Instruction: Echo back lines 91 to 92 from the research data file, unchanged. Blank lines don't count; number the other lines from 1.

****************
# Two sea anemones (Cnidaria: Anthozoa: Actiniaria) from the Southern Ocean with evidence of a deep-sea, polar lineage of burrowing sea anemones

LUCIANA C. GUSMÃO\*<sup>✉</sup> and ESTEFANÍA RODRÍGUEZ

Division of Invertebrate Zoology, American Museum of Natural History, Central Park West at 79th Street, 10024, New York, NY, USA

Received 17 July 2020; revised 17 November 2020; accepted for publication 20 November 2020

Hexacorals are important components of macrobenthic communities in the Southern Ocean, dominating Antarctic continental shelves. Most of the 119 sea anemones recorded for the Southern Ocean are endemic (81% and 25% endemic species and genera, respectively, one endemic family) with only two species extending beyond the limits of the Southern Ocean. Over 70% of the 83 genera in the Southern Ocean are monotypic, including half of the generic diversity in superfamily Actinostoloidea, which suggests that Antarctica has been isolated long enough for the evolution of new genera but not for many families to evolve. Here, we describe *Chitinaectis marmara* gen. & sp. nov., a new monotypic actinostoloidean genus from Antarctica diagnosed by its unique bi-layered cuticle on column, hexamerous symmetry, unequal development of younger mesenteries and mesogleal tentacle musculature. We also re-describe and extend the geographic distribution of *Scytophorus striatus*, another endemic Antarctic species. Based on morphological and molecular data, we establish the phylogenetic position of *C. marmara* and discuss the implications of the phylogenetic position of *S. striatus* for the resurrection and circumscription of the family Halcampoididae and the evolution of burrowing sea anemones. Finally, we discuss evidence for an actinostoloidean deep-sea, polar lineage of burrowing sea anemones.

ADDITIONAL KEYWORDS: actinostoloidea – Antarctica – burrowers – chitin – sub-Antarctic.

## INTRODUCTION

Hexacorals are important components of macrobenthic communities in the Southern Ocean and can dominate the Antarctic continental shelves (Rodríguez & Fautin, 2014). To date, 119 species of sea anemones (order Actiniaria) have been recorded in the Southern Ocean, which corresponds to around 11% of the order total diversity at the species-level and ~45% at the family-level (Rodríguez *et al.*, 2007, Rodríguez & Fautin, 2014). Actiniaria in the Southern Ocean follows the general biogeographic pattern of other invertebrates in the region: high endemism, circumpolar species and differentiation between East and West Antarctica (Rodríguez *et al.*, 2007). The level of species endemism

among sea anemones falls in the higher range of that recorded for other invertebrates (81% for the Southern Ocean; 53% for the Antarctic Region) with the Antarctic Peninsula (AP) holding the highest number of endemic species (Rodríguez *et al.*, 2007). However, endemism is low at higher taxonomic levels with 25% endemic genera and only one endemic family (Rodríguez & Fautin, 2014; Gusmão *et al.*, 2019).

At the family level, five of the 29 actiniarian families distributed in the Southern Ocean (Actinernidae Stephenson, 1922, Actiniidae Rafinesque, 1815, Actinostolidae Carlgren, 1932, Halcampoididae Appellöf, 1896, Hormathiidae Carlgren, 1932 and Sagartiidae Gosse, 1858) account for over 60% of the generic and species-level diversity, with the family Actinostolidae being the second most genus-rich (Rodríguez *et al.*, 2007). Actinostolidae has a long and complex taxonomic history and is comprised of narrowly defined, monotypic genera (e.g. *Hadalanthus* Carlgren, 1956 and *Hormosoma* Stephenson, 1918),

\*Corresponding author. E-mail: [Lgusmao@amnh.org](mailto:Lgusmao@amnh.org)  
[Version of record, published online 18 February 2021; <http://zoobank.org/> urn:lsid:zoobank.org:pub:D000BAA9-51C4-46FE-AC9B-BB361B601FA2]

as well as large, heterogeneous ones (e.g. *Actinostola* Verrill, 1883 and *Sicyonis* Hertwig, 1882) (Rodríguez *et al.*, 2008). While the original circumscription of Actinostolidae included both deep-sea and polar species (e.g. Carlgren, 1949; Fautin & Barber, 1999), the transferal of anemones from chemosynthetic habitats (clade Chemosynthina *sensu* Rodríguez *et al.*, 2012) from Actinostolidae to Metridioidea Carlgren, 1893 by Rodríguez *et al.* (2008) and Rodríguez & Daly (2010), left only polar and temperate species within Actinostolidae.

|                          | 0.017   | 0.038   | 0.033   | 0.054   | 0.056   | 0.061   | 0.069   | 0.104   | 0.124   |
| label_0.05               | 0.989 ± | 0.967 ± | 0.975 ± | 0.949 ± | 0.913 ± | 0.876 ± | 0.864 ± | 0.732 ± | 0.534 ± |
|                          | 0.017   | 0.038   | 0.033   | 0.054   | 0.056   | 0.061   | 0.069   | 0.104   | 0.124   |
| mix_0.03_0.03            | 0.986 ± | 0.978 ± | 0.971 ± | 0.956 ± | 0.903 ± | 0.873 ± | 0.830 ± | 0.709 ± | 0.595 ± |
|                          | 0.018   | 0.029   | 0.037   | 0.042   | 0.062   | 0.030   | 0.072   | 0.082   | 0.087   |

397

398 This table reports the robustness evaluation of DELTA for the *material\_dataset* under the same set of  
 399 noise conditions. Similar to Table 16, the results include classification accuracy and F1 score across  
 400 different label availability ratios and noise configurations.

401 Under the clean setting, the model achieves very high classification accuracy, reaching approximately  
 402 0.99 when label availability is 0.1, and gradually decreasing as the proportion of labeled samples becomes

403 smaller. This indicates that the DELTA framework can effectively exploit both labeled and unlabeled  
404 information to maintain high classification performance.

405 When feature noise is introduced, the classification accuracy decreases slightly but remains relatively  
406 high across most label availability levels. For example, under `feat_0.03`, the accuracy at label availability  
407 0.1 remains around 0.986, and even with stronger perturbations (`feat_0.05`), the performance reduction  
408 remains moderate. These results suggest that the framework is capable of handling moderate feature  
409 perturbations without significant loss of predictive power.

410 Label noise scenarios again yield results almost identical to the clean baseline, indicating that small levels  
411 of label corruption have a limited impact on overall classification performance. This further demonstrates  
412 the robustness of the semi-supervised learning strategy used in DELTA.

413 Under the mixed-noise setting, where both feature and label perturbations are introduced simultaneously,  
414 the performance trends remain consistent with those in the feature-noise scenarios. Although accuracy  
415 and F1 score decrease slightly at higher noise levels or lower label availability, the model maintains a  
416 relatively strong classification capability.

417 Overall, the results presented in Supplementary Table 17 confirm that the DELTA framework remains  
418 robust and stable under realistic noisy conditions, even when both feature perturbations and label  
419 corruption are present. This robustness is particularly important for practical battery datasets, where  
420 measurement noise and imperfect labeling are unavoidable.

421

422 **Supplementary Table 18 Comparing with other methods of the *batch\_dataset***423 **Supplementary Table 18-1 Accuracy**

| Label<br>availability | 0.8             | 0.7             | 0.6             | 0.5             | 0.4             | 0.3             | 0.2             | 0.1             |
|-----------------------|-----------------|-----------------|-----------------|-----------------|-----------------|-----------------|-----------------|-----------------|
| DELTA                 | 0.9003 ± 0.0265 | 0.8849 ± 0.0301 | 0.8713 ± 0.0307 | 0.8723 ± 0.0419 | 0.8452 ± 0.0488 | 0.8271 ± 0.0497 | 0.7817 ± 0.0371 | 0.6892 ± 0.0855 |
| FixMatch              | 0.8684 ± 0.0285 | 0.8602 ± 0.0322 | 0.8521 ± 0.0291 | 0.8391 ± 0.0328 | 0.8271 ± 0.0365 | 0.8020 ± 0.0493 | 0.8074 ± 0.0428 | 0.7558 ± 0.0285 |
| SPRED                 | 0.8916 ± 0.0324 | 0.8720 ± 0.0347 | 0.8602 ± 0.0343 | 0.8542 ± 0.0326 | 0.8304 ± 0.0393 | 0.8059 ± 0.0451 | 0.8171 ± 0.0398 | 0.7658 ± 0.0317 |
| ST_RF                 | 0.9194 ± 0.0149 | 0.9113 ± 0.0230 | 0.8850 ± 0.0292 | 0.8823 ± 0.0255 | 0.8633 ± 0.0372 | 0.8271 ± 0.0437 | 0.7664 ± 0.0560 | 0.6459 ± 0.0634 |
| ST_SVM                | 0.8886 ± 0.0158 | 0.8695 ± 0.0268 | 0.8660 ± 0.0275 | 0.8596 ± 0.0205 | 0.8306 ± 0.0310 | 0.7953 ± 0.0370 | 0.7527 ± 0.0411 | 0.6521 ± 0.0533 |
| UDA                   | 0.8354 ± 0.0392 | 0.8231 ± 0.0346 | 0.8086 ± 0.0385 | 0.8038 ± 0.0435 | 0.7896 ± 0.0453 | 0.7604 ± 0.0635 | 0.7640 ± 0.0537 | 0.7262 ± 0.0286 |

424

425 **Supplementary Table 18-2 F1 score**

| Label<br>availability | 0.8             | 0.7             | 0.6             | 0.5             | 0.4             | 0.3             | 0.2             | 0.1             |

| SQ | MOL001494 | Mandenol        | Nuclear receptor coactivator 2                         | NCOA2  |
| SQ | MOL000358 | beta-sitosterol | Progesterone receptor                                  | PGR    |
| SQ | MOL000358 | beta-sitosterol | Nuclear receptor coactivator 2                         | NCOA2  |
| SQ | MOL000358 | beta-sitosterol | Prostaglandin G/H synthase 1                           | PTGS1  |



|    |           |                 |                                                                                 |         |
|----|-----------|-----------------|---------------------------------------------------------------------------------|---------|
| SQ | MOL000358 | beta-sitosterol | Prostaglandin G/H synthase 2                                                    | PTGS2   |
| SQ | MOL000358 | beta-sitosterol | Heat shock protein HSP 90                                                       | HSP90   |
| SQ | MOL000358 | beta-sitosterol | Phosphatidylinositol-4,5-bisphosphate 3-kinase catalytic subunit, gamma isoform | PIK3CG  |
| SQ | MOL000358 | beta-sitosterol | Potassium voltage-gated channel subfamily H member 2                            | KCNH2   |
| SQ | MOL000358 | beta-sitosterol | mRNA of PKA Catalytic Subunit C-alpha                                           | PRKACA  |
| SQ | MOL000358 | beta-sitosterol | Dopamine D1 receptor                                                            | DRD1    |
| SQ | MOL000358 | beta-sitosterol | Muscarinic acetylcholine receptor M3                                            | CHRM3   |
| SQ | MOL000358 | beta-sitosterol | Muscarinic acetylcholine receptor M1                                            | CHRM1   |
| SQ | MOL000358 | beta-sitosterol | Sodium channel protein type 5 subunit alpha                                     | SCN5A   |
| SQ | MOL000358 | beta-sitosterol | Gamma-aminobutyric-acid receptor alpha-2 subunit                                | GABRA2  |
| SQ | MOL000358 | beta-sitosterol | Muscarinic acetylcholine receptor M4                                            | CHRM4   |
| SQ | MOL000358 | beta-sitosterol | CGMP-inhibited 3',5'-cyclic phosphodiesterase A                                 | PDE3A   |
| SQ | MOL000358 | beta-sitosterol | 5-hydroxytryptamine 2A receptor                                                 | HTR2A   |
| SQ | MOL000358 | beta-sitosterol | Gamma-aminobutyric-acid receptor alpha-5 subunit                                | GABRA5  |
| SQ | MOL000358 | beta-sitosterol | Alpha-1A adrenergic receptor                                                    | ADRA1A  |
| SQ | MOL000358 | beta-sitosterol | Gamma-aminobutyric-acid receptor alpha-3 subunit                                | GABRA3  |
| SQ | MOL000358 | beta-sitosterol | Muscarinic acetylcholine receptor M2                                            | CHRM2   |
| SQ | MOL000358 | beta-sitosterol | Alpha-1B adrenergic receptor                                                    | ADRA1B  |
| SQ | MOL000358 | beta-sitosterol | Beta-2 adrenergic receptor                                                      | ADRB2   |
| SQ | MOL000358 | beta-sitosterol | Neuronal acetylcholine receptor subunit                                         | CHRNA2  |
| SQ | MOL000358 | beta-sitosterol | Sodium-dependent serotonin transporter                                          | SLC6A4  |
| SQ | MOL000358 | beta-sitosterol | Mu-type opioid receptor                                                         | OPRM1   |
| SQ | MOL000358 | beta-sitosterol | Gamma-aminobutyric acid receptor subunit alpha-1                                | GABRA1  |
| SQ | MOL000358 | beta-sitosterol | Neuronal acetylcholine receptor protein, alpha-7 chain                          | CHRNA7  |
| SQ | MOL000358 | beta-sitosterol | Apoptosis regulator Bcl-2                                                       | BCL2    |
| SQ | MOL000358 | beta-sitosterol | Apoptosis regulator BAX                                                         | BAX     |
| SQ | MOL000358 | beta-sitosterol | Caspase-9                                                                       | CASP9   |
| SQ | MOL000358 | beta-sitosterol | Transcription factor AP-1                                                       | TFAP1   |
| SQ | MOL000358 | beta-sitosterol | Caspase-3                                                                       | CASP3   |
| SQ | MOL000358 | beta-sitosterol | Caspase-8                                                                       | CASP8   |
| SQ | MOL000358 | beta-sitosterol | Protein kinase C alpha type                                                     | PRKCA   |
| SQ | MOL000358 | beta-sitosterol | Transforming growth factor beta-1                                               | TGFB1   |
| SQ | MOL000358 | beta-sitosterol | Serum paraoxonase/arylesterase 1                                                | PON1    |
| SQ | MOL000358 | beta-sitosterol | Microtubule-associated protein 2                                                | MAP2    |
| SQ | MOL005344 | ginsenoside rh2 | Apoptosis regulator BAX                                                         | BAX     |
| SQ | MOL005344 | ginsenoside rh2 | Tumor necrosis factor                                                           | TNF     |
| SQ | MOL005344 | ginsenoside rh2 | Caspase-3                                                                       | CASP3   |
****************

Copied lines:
| SQ | MOL000358 | beta-sitosterol | Caspase-8                                                                       | CASP8   |
| SQ | MOL000358 | beta-sitosterol | Protein kinase C alpha type                                                     | PRKCA   |